In the July Gazette, Ben Mannering details the political process that leads to legislation.
Ingredients of a ‘dog’s dinner’
Solicitors and students spend much of their time analysing the finished product of legislation. However, recent comments from the Attorney General regarding the Judicial Appointments Commission Bill have highlighted the journey that legislation has to take – from ‘dog’s dinner’ to ‘table d’hote’ and beyond – before it becomes law.
Legislation can come before the Dáil in many guises. However, it can broadly be separated into:
- Primary legislation – bills that can take many forms, such as private members’ bills, money bills, private bills, and Government bills, and
- Secondary legislation – statutory instruments (SIs) and bye-laws.
A long and winding road
Secondary legislation is by far the more straightforward to pass and, as a consequence, is used more often. In 2017 alone, 646 SIs were enacted, ranging from courts administration to serious criminal law measures and environmental protection. The diversity of these statutory instruments illustrates not only the diverse nature of the business of the State, but the complexity of secondary legislation.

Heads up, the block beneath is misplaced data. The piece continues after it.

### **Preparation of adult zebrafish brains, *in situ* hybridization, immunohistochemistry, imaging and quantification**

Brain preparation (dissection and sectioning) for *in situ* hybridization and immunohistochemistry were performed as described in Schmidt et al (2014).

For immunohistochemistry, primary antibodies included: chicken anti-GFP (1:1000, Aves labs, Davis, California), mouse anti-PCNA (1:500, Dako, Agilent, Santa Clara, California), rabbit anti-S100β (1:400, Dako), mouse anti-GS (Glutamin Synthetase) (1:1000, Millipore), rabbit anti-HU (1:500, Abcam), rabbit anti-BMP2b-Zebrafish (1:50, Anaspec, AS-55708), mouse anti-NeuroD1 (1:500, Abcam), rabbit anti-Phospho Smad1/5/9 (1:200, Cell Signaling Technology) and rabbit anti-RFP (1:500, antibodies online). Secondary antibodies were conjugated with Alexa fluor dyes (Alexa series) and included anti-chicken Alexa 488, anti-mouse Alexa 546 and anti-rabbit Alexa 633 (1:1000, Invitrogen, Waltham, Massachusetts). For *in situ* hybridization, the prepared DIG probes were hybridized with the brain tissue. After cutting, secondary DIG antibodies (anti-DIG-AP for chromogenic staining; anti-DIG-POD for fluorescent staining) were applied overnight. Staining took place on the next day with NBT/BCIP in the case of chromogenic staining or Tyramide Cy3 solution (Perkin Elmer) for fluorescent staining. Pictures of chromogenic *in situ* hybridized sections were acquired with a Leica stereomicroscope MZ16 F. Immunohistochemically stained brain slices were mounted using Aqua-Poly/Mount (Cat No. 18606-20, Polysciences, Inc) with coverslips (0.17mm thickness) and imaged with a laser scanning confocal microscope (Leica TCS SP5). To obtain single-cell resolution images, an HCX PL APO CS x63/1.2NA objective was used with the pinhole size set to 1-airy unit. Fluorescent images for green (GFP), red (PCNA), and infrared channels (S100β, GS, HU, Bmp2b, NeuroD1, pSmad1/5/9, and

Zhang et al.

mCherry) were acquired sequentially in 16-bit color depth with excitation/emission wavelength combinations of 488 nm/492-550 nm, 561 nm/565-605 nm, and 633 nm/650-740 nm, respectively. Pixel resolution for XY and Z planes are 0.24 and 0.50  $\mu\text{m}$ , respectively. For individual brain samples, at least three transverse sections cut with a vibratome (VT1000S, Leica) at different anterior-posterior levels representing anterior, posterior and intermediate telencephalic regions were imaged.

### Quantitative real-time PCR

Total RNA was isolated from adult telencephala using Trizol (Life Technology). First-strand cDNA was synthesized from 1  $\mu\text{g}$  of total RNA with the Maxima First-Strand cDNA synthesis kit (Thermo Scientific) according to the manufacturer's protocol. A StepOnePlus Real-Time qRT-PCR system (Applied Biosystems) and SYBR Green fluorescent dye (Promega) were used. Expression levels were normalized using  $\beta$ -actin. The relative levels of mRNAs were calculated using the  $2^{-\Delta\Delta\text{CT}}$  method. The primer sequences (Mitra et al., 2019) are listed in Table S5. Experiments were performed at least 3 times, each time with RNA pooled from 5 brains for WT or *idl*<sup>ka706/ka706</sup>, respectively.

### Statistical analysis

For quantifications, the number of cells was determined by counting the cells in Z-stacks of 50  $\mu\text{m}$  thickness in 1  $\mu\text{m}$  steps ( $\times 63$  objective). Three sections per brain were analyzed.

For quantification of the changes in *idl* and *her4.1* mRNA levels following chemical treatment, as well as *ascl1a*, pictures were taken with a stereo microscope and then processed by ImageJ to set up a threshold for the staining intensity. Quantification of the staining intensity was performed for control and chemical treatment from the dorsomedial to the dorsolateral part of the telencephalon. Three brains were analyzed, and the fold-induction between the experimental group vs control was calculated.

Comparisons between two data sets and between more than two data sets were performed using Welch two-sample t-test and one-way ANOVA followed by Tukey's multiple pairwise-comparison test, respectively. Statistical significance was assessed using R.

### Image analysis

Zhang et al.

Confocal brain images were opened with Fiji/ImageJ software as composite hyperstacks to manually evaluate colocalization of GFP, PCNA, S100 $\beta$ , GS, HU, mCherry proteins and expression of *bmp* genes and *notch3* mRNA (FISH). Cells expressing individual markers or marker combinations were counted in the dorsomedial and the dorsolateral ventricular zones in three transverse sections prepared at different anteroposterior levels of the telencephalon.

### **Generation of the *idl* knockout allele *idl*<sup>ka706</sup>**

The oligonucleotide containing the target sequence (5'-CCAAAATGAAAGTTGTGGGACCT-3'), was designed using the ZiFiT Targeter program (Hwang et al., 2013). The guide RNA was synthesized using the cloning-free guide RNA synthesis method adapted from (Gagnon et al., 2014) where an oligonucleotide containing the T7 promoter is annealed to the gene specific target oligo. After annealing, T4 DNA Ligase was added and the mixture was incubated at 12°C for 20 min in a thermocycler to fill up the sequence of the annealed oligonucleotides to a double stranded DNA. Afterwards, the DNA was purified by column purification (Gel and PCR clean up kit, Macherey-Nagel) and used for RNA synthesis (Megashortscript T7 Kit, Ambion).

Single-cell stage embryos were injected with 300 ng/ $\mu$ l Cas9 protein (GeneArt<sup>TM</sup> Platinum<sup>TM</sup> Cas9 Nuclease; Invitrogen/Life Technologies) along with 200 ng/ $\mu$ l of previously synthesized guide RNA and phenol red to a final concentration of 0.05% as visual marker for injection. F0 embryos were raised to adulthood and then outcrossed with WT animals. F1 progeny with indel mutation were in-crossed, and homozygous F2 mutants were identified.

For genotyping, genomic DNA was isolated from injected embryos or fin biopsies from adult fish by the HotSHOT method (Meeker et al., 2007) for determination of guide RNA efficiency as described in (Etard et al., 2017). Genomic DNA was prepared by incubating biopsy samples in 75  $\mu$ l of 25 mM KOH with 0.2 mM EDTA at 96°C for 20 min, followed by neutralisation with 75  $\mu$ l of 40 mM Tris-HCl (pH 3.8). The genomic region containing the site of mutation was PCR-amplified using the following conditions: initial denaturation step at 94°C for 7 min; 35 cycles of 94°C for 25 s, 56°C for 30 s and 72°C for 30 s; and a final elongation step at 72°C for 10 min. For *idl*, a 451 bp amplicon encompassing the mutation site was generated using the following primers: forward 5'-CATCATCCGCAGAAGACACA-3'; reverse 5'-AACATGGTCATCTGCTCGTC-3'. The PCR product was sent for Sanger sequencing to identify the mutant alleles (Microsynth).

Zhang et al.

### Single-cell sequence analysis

Primary legislation, meanwhile, takes a long and winding path through the Oireachtas, from pre-legislative scrutiny (if referred by the President pursuant to Article 26 of Bunreacht na hÉireann) to its approval by the Supreme Court.
Ben Mannering is a solicitor at the State Claims Agency. Writing in a personal capacity for the Gazette, he discusses the tortuous path taken by all Irish legislation before it becomes the ‘finished product’ reviewed by practitioners and students alike.
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